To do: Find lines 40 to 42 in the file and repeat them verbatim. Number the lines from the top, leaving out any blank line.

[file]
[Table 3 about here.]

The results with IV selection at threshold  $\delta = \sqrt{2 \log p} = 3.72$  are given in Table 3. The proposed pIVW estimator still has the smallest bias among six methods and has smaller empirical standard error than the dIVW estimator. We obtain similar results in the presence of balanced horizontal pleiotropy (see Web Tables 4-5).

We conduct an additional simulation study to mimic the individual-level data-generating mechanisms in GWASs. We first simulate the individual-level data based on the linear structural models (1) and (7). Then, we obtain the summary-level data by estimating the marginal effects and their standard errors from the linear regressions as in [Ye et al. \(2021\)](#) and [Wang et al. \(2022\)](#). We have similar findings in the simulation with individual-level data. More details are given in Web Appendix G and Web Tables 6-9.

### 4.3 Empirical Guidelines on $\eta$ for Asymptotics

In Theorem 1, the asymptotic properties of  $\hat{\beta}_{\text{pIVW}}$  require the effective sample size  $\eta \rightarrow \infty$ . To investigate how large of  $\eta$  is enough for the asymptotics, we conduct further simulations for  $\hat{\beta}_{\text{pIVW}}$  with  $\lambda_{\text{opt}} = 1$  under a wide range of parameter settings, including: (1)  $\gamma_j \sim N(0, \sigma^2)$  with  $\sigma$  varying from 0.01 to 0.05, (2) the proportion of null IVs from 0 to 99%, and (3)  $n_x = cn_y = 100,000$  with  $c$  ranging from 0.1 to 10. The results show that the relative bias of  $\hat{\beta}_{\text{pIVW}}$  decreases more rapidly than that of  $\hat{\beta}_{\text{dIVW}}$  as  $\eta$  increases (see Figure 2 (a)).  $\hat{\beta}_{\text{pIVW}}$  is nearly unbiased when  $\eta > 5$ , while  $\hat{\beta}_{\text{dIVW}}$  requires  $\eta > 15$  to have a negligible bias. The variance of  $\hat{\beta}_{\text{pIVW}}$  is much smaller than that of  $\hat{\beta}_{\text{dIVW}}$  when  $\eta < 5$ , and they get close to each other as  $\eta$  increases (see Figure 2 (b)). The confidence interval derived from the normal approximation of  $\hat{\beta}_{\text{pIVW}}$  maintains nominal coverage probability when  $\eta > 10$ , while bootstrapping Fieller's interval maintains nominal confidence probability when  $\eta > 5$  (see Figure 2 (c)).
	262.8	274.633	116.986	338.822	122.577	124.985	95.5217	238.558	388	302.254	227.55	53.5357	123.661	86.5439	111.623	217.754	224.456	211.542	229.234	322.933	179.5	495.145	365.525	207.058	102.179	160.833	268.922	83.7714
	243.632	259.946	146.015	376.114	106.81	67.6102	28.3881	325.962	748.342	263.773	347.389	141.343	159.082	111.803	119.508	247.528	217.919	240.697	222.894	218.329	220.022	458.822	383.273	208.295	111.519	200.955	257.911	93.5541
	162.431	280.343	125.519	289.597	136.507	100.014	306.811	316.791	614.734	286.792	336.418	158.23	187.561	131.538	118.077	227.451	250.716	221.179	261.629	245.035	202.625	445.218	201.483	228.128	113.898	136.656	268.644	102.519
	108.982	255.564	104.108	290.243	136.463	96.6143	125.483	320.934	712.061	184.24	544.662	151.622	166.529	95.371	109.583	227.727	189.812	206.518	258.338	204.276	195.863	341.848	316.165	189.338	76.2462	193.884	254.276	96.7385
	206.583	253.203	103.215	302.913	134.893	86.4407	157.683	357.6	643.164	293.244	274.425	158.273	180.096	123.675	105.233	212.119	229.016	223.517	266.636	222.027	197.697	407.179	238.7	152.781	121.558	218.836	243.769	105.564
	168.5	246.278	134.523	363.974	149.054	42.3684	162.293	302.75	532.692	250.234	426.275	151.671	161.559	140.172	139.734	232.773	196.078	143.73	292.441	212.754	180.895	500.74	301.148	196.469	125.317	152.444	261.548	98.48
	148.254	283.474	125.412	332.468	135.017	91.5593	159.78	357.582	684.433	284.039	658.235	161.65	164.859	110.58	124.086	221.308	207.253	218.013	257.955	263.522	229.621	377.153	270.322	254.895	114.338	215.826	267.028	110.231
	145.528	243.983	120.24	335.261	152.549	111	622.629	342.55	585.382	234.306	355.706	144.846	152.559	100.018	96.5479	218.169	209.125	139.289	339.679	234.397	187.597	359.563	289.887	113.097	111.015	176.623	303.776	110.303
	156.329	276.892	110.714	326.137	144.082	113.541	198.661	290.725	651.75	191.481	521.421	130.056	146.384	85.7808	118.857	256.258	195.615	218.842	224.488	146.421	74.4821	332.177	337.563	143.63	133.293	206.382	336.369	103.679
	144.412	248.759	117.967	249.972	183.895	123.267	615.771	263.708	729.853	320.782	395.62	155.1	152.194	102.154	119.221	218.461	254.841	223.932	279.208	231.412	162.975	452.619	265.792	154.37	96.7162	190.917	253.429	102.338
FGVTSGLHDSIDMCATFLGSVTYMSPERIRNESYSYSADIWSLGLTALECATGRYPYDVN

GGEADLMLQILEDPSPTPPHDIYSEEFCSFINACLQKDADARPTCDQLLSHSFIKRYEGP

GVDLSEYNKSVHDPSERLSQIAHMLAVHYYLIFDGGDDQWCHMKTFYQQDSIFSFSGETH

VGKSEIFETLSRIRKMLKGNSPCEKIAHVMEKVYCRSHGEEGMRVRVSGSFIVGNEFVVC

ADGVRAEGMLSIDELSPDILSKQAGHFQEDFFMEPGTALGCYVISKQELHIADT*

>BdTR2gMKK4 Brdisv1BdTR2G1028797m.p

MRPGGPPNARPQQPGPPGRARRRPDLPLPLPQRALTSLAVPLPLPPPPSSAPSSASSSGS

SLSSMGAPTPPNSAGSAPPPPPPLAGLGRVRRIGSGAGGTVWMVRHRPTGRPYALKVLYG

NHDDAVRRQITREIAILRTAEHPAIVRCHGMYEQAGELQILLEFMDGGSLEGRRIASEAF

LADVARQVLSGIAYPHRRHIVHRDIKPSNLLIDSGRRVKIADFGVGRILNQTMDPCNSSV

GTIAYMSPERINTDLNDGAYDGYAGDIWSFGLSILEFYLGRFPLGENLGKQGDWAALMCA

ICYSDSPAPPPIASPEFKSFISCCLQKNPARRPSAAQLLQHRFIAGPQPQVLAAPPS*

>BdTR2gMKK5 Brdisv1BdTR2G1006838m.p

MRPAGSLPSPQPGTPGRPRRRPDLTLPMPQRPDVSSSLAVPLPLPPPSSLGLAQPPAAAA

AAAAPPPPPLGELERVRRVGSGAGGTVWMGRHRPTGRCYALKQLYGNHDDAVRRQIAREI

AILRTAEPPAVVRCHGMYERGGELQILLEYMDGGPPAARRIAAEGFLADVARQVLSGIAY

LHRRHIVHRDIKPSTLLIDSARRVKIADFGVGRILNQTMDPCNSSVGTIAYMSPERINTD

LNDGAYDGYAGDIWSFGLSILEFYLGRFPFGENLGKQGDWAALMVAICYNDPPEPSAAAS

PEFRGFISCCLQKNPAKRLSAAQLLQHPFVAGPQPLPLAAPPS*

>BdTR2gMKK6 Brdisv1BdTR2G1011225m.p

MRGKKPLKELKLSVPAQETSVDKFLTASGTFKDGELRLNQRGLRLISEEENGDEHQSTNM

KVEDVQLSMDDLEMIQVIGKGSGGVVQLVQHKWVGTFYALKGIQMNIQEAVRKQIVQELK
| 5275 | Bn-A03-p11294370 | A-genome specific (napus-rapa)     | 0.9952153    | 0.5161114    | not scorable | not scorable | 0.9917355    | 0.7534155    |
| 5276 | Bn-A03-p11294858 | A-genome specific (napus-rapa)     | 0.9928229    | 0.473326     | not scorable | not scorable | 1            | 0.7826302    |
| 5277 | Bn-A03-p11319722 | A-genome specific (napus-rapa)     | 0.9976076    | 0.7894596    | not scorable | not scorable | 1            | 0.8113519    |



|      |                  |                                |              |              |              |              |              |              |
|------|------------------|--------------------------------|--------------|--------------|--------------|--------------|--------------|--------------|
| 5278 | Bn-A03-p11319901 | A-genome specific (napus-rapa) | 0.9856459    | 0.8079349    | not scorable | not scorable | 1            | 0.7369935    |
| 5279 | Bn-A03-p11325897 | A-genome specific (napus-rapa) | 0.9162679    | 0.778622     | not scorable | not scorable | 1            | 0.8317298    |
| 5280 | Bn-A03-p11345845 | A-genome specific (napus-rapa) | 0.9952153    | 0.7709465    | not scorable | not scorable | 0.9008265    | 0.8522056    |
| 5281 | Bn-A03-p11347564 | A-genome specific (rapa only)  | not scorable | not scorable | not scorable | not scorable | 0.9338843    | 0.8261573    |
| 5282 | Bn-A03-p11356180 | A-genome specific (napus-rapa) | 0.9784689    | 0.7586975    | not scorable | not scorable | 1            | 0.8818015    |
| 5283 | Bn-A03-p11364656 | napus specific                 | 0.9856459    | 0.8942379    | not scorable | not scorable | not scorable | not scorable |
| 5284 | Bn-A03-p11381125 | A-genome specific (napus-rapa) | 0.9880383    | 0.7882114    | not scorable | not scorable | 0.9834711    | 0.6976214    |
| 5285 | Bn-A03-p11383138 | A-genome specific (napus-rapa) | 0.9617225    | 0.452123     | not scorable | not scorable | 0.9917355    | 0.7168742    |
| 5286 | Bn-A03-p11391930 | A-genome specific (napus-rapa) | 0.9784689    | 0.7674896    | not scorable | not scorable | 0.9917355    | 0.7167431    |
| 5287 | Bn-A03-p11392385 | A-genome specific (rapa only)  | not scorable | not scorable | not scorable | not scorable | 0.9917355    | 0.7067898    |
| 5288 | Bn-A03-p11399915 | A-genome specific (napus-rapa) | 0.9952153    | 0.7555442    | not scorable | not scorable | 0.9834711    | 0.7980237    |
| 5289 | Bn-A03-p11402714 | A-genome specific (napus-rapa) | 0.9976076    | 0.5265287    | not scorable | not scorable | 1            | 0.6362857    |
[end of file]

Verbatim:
| 5277 | Bn-A03-p11319722 | A-genome specific (napus-rapa)     | 0.9976076    | 0.7894596    | not scorable | not scorable | 1            | 0.8113519    |



|      |                  |                                |              |              |              |              |              |              |
|------|------------------|--------------------------------|--------------|--------------|--------------|--------------|--------------|--------------|